To make matters worse, the scrutiny marketers have to deal with is at an all-time high meaning investors, CXOs and presidents are demanding accountability for every cent of spending. They want to see a sale linked to virtually every dime spent.
While this may make sense to the casual reader what is lost in this equation is the concept of branding. And without branding, lead generation doesn’t reach anywhere near its full potential. This is especially the case when a product category requires a strong brand to instill confidence in a purchase decision. In other words, most people are not concerned about the company which sells them a smartphone case but they can tell you with certainty that the load balancer they will put in their data center must be first-rate with a sound company backing it and offering solid support.
For years I worked as the head of MIS here at TMC – I was fortunate enough to computerize this company in the eighties – building PCs myself. I quickly migrated the company to desktop publishing later in the same decade and was intimately involved in many of the tech purchase decisions over the past decades. More recently I have helped companies communicate with customers – not only explaining in many cases what their new products are designed to do just as important, advising customers on how to achieve their goals.
And the one thing I have learned is consistency is the most important aspect of marketing. In fact it seems that consistency trumps message. Some companies have been at trade shows consistently for years and their booths haven’t been very descriptive or large but they are entrenched because they prove their commitment to buyers at important events. Other companies spend far more at conferences and marketing in general but it comes in spurts. Guess what – the companies that have ups and downs in their outbound communications seem to underperform – even though they spend more.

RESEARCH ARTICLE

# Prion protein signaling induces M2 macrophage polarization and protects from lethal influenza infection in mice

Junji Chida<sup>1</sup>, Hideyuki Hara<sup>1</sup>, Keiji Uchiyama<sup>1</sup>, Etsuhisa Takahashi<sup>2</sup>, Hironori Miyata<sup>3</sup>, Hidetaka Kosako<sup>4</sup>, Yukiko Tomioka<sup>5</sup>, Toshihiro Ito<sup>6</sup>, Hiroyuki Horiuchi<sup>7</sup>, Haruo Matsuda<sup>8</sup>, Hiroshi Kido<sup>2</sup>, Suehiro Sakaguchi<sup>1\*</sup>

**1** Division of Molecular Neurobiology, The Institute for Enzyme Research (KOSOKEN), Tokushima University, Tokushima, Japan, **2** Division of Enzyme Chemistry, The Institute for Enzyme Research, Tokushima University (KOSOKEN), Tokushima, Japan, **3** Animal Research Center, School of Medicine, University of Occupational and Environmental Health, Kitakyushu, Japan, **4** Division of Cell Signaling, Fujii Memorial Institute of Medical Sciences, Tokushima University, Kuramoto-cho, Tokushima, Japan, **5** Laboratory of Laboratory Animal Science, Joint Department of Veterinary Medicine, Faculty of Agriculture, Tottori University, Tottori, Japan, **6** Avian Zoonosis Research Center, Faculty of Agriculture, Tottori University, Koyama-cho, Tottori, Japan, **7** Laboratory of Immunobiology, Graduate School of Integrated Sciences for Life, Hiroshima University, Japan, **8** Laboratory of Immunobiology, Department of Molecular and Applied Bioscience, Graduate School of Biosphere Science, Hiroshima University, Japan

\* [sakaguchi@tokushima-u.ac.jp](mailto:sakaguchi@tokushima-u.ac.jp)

The situation gets worse when there is turnover in marketing – there is an epidemic of companies replacing marketing departments or people just decide to up and leaving their posts for whatever reason. My hunch is that they are tired of working in a macro-marketing environment which is devoid of fun, creativity and experimentation. “Perceived failure” is met with a wrist slap and a dressing down and success is infrequent because marketing departments are not easily able to justify the results of branding.
Branding is an amazing thing – one great example is if I was to ask anyone in their late thirties or older – “How do you spell relief?” If they say ROLAIDS then they remember seeing this commercial which aired in get this, 1981!
Amazingly, this ad has been in the collective memory of much of America for decades more than paying for itself but today it is tough to get many newbie CEOs to comprehend how an ad campaign like this is worth pursuing.
TMC’s Peter Bernstein wrote about the need for consistency earlier today in reference to the management challenges faced by boards at Yahoo and HP and he explains that CEOs themselves are part of the brand. Here is an excerpt: